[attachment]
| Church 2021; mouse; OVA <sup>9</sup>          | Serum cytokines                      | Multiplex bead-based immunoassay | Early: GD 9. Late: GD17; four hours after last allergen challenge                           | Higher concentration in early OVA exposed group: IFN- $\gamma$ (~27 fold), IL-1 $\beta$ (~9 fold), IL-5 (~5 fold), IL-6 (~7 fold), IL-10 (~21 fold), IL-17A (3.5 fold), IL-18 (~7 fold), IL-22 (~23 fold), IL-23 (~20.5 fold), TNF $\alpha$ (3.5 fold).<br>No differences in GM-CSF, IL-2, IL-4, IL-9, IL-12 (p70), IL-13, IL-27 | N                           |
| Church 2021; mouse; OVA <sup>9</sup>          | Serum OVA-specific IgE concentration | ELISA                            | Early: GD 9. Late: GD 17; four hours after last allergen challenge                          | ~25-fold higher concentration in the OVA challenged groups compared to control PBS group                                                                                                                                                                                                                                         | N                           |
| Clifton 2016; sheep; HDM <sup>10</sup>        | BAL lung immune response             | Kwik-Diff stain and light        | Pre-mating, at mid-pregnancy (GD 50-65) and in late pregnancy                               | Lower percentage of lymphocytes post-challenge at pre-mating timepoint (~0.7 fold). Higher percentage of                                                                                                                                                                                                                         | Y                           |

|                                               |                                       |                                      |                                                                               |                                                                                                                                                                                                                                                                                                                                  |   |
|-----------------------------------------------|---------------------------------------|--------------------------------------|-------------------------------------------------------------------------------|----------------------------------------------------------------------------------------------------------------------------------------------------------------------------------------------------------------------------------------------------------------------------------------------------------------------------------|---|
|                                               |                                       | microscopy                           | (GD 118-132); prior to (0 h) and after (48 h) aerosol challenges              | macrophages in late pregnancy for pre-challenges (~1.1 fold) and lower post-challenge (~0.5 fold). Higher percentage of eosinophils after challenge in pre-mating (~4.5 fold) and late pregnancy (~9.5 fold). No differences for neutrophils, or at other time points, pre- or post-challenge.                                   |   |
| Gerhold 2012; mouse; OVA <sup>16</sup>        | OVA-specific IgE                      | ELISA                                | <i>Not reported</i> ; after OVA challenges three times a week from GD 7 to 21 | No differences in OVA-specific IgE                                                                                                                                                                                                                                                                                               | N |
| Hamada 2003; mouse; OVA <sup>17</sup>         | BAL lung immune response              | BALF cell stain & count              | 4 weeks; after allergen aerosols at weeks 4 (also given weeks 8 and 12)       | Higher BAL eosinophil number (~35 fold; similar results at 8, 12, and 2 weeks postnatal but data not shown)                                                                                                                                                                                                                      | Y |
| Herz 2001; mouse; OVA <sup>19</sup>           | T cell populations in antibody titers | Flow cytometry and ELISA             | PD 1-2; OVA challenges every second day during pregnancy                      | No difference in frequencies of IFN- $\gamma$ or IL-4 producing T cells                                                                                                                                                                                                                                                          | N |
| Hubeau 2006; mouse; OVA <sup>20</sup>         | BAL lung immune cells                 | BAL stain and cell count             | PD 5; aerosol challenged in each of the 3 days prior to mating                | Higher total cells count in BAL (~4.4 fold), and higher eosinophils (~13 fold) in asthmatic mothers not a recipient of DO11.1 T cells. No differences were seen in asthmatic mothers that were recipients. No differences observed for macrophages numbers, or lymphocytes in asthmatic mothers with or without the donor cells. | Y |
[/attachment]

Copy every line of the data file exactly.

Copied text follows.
| Church 2021; mouse; OVA <sup>9</sup>          | Serum cytokines                      | Multiplex bead-based immunoassay | Early: GD 9. Late: GD17; four hours after last allergen challenge                           | Higher concentration in early OVA exposed group: IFN- $\gamma$ (~27 fold), IL-1 $\beta$ (~9 fold), IL-5 (~5 fold), IL-6 (~7 fold), IL-10 (~21 fold), IL-17A (3.5 fold), IL-18 (~7 fold), IL-22 (~23 fold), IL-23 (~20.5 fold), TNF $\alpha$ (3.5 fold).<br>No differences in GM-CSF, IL-2, IL-4, IL-9, IL-12 (p70), IL-13, IL-27 | N                           |
| Church 2021; mouse; OVA <sup>9</sup>          | Serum OVA-specific IgE concentration | ELISA                            | Early: GD 9. Late: GD 17; four hours after last allergen challenge                          | ~25-fold higher concentration in the OVA challenged groups compared to control PBS group                                                                                                                                                                                                                                         | N                           |
| Clifton 2016; sheep; HDM <sup>10</sup>        | BAL lung immune response             | Kwik-Diff stain and light        | Pre-mating, at mid-pregnancy (GD 50-65) and in late pregnancy                               | Lower percentage of lymphocytes post-challenge at pre-mating timepoint (~0.7 fold). Higher percentage of                                                                                                                                                                                                                         | Y                           |

|                                               |                                       |                                      |                                                                               |                                                                                                                                                                                                                                                                                                                                  |   |
|-----------------------------------------------|---------------------------------------|--------------------------------------|-------------------------------------------------------------------------------|----------------------------------------------------------------------------------------------------------------------------------------------------------------------------------------------------------------------------------------------------------------------------------------------------------------------------------|---|
|                                               |                                       | microscopy                           | (GD 118-132); prior to (0 h) and after (48 h) aerosol challenges              | macrophages in late pregnancy for pre-challenges (~1.1 fold) and lower post-challenge (~0.5 fold). Higher percentage of eosinophils after challenge in pre-mating (~4.5 fold) and late pregnancy (~9.5 fold). No differences for neutrophils, or at other time points, pre- or post-challenge.                                   |   |
| Gerhold 2012; mouse; OVA <sup>16</sup>        | OVA-specific IgE                      | ELISA                                | <i>Not reported</i> ; after OVA challenges three times a week from GD 7 to 21 | No differences in OVA-specific IgE                                                                                                                                                                                                                                                                                               | N |
| Hamada 2003; mouse; OVA <sup>17</sup>         | BAL lung immune response              | BALF cell stain & count              | 4 weeks; after allergen aerosols at weeks 4 (also given weeks 8 and 12)       | Higher BAL eosinophil number (~35 fold; similar results at 8, 12, and 2 weeks postnatal but data not shown)                                                                                                                                                                                                                      | Y |
| Herz 2001; mouse; OVA <sup>19</sup>           | T cell populations in antibody titers | Flow cytometry and ELISA             | PD 1-2; OVA challenges every second day during pregnancy                      | No difference in frequencies of IFN- $\gamma$ or IL-4 producing T cells                                                                                                                                                                                                                                                          | N |
| Hubeau 2006; mouse; OVA <sup>20</sup>         | BAL lung immune cells                 | BAL stain and cell count             | PD 5; aerosol challenged in each of the 3 days prior to mating                | Higher total cells count in BAL (~4.4 fold), and higher eosinophils (~13 fold) in asthmatic mothers not a recipient of DO11.1 T cells. No differences were seen in asthmatic mothers that were recipients. No differences observed for macrophages numbers, or lymphocytes in asthmatic mothers with or without the donor cells. | Y |